The personal relevance of a topic: the more personally relevant an issue is, the more willing people are to pay attention to the arguments in a speech and therefore the more likely they are to take the central route to persuasion.


Provide empirical evidence that the more people are willing to pay attention to the arguments in a speech, the more likely they are to take the central route of persuasion.

College students were asked to listen to a speech arguing that all college seniors should be required to pass a comprehensive exam in their major before they graduate.

Half of the participants were told that the university was seriously considering requiring comprehensive exams → Issue became personally relevant to these students.
For the other half, it was a “ho-hum’ issue - they were told their university might require such exams, but would not implement them until 10 years later.
The researchers then introduced 2 variables that might influence whether people would agree with the speech.
The 1st was the strength of the arguments presented. Half of the participants heard arguments that were strong and persuasive , whereas the others heard arguments that were weak and unpersuasive.
The 2nd variable was a peripheral cue - the prestige of the speaker. Half of the participants were told that the author of the speech was an eminent professor at Princeton University, whereas the others were told that the author was a high school student.
As predicted by the ELM, the way in which persuasion occurred depended on the personal relevance of the issue.
When the issue was highly relevant to the listeners, they were greatly influenced by the quality of the arguments (ie persuasion occurred via the central route).
Those who heard strong arguments agreed much more with the speech than did those who heard weak arguments.
It didn’t matter who made the speech. As long as the argument was good, it will always be a good argument, regardless of whether it was written by a Princeton professor or a high school student.
When the topic is of low relevance, what mattered then in the comprehensive exam study was not the strength of the arguments but who the speaker was.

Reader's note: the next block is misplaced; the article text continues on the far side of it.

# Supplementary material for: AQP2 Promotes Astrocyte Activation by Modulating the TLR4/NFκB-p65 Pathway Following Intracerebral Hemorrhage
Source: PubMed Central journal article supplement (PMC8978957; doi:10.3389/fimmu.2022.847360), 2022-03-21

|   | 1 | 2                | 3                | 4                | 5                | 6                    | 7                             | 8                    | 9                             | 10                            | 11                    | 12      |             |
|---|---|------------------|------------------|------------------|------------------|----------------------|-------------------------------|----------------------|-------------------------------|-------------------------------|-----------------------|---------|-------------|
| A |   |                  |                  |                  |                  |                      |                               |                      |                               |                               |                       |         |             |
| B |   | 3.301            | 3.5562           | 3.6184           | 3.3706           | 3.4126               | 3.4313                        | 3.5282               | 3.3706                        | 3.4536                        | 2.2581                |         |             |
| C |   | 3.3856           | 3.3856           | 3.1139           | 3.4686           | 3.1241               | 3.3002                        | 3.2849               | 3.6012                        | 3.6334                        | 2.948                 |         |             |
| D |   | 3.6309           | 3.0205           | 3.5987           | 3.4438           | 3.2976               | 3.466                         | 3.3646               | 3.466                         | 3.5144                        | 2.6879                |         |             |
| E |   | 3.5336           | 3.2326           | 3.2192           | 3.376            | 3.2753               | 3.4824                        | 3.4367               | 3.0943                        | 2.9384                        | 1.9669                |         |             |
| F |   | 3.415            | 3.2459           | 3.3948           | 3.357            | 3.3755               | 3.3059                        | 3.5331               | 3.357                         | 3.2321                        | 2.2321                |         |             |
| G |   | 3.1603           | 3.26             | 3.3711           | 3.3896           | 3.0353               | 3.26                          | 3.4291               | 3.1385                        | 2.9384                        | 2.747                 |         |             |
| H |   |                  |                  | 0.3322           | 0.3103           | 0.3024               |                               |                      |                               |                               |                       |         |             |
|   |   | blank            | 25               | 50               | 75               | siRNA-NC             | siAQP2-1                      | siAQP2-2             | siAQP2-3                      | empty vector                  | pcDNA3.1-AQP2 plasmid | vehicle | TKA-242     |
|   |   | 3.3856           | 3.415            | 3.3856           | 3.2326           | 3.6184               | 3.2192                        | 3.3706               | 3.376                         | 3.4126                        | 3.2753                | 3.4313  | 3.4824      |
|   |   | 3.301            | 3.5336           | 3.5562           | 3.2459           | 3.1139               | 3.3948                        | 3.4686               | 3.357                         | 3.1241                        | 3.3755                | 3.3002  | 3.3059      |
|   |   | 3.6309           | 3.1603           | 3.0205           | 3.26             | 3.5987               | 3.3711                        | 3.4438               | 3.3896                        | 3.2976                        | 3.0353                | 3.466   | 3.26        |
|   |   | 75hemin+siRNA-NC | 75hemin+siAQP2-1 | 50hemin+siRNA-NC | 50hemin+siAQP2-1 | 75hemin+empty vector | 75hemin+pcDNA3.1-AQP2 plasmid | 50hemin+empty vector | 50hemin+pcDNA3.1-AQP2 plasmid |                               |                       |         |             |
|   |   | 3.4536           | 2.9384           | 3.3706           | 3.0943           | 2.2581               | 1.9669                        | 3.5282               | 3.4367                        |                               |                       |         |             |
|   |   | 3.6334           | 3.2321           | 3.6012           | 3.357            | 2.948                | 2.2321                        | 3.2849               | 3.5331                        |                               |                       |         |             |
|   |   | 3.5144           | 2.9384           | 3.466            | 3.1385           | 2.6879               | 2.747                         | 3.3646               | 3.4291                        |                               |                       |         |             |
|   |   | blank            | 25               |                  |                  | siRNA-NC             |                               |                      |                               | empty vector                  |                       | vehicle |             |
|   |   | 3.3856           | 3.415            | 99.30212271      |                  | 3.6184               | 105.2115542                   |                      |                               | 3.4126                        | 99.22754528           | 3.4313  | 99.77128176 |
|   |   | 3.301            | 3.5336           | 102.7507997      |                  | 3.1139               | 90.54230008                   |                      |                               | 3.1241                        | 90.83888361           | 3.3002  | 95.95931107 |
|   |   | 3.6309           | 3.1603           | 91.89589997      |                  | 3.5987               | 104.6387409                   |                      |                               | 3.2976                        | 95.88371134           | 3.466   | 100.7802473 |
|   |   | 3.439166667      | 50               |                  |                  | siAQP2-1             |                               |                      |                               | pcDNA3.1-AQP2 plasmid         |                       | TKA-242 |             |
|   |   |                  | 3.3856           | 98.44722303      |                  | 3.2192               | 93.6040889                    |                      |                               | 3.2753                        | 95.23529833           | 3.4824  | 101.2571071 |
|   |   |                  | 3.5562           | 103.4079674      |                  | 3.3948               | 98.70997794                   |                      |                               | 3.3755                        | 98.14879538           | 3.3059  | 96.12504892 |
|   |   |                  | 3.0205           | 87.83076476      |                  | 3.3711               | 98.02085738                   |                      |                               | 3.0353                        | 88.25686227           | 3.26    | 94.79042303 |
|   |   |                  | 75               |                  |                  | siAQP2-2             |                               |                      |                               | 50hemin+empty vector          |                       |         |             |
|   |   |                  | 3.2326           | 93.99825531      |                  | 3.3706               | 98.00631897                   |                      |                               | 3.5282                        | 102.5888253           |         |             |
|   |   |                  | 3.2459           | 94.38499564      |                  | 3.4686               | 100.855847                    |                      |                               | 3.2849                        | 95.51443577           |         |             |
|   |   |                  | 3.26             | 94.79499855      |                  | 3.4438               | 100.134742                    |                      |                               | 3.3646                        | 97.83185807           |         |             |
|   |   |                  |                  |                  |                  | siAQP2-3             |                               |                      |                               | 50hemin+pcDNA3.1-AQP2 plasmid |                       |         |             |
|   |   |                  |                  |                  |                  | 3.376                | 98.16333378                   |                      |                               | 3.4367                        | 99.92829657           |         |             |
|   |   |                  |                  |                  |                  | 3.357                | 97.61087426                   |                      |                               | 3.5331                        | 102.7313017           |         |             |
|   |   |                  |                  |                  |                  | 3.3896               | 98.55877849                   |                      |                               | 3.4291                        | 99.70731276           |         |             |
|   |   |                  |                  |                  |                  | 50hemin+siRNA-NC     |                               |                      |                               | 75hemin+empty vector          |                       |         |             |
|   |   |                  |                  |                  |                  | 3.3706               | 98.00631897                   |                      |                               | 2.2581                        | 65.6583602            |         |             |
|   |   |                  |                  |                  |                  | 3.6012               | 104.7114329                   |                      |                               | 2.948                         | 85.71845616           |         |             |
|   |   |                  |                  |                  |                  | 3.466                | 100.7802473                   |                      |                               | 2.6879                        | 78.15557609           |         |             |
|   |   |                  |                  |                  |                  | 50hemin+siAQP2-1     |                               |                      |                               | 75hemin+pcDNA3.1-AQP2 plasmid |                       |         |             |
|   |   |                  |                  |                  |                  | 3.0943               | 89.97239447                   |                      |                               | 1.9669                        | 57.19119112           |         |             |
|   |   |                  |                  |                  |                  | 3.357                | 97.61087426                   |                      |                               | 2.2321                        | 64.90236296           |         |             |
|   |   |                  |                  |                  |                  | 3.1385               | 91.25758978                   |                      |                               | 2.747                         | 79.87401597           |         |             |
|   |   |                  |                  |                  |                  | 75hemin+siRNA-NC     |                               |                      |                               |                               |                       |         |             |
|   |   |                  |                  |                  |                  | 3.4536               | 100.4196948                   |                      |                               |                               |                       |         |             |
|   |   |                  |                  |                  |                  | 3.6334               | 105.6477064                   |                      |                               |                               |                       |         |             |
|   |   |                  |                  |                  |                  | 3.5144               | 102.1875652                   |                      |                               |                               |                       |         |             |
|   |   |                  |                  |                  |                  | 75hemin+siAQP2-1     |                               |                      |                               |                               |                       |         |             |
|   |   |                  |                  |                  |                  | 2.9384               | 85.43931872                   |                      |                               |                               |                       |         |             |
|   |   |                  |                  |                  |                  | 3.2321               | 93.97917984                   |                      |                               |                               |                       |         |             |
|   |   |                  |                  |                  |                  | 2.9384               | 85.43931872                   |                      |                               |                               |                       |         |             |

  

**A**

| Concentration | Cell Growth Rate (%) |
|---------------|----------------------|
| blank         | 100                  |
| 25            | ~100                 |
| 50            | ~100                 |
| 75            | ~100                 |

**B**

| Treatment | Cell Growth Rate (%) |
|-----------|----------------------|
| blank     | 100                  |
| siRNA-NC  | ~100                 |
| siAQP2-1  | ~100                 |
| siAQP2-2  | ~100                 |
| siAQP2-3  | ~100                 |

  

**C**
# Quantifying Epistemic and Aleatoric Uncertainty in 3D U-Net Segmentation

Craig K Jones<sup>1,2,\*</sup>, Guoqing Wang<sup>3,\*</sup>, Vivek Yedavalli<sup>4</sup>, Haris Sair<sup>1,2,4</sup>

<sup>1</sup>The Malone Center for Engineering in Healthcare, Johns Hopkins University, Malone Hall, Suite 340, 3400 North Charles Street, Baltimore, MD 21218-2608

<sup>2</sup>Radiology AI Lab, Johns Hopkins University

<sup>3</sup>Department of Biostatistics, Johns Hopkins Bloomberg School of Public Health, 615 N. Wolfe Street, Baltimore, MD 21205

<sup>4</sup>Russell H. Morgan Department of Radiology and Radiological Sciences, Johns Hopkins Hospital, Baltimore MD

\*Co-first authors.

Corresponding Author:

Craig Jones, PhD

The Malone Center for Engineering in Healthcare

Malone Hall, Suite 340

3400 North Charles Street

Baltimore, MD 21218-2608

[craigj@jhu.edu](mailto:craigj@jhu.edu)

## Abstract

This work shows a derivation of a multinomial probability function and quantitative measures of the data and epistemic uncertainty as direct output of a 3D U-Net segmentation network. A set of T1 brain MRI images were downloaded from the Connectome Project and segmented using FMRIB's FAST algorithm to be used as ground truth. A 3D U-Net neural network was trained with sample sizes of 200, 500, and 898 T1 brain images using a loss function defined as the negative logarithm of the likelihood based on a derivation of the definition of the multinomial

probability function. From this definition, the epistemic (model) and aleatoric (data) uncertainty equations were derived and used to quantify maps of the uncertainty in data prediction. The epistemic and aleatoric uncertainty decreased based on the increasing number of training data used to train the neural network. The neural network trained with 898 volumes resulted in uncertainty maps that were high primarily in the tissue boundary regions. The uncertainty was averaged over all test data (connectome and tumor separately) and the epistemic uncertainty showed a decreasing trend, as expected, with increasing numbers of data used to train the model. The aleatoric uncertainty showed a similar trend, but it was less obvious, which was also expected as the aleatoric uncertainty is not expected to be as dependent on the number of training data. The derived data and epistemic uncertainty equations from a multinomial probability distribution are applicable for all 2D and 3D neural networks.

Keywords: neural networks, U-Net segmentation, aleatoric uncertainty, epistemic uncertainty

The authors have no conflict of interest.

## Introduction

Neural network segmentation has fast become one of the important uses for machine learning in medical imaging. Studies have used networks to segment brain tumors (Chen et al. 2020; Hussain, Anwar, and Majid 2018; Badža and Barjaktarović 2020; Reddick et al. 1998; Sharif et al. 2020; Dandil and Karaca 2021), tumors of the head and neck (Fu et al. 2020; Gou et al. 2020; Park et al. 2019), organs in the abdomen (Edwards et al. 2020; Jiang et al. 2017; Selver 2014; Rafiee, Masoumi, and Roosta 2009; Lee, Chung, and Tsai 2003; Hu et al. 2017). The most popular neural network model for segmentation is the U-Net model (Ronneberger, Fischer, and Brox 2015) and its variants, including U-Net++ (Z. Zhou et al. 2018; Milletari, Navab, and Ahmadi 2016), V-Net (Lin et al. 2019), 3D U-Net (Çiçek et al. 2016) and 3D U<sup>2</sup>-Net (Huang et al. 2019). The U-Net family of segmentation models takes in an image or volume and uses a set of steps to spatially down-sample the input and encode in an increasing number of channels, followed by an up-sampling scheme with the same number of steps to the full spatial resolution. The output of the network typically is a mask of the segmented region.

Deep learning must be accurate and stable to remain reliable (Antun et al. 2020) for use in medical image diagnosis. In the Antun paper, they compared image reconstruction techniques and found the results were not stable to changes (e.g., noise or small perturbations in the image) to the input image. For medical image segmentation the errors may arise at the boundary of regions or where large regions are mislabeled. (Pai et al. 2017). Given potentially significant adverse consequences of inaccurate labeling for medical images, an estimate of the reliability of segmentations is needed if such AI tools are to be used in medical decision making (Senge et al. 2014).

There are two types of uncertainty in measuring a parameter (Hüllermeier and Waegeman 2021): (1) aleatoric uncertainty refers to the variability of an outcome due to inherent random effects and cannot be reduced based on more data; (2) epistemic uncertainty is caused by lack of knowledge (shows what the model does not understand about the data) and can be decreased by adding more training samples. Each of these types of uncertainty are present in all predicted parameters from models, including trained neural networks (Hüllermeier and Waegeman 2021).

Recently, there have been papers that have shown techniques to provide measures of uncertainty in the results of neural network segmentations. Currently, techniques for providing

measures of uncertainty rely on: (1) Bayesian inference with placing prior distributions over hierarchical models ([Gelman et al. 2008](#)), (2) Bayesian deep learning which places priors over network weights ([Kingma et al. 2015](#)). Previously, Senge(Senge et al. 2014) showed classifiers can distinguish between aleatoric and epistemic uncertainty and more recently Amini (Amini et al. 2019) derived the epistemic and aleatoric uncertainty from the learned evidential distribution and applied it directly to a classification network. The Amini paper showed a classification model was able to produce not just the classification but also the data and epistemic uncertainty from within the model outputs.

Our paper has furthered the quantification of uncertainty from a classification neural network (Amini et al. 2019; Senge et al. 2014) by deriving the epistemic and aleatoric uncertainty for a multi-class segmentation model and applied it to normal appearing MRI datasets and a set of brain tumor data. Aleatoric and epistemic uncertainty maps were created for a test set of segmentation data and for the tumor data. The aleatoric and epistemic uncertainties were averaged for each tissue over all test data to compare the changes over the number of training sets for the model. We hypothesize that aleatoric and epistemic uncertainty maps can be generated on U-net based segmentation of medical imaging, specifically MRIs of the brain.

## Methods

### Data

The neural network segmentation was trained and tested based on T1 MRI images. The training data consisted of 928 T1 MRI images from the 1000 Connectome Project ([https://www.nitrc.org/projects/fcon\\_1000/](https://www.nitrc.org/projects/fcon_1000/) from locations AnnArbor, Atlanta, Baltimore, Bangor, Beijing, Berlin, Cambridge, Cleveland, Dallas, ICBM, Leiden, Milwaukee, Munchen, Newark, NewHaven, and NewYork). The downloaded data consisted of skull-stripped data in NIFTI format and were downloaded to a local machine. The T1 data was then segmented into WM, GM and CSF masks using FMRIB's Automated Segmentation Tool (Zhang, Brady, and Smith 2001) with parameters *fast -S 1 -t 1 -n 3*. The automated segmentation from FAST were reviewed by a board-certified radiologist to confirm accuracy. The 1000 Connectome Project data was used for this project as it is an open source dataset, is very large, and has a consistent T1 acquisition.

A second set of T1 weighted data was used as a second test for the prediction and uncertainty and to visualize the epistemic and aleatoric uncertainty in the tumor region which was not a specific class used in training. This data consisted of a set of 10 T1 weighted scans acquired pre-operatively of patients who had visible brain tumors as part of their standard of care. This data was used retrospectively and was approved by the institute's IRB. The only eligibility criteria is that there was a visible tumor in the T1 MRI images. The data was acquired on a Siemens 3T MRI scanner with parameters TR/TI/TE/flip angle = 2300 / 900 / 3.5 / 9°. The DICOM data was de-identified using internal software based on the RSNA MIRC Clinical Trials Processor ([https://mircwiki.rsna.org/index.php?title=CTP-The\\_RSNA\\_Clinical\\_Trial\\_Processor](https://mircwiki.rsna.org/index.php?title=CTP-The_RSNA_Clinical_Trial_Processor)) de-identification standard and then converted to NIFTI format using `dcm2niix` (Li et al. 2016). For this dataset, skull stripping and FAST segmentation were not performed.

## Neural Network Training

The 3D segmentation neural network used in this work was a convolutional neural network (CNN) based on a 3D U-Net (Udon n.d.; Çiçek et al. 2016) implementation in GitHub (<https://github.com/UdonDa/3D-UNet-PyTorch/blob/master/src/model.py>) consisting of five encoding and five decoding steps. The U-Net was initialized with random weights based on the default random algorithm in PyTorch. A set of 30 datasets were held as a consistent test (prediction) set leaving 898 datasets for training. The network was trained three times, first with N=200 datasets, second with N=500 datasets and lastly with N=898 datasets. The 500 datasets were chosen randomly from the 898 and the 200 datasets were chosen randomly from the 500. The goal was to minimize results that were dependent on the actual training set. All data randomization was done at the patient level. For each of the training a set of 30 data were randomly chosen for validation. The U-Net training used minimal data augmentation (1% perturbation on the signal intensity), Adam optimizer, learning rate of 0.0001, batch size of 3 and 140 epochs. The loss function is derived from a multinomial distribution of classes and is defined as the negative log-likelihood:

Those who heard strong arguments agreed with the speech only slightly more than those who heard weak arguments
However, those who heard the Princeton professor was much more swayed than those who heard the high school student.


When people are unable to pay close attention to the arguments, they are swayed more by ________ cues.



List 2 factors that shape your ability to pay attention to the arguments.

Expertise and personal tendencies


Provide empirical evidence about the use of peripheral cues.

Eg: When jurors have to evaluate a case involving complicated scientific evidence. Consider how most jurors are not scientists. They don’t have the expertise needed to carefully weigh the arguments in such a case, even if they want to.
Eg: Showing mock jurors a video reenactment of a product liability trial. One of the critical witnesses to testify was an expert biologist hired by the plaintiff to persuade the jury that the product in question had caused the plaintiff’s illness
The researchers varied how qualified the expert seemed to be: some mock jurors were told that the expert had published 45 research articles in peer-reviewed journals and his multiple advanced degrees came from prestigious universities. Other jurors learned the expert had published far fewer articles and his degrees came from relatively obscure schools.
When his scientific testimony was relatively simple and easy to understand, participants paid little attention to the expert’s apparent credentials, instead focusing on the strength of the arguments he offered.
Able to understand the persuasive arguments, they engaged in a central route.
However, when his scientific testimony was complicated and conveyed in jargon that only a molecular biologist could fully grasp, mock jurors relied on the expert’s credentials to determine how much stock to place in his testimony.
Unable to attend carefully to the persuasive communication, they were influenced by peripheral cues.


What are fear-arousing communications, and what influences people's ability to be convinced by them?

Persuasive message that attempts to change people’s attitudes by arousing their fears.

Depends on whether the fear influences people’s ability to pay attention to and process the arguments in a message.
If a moderate amount of fear is created and people believe that listening to the message will teach them how to reduce this fear, then they are more likely to be motivated to analyze the message carefully and their attitudes via the central route.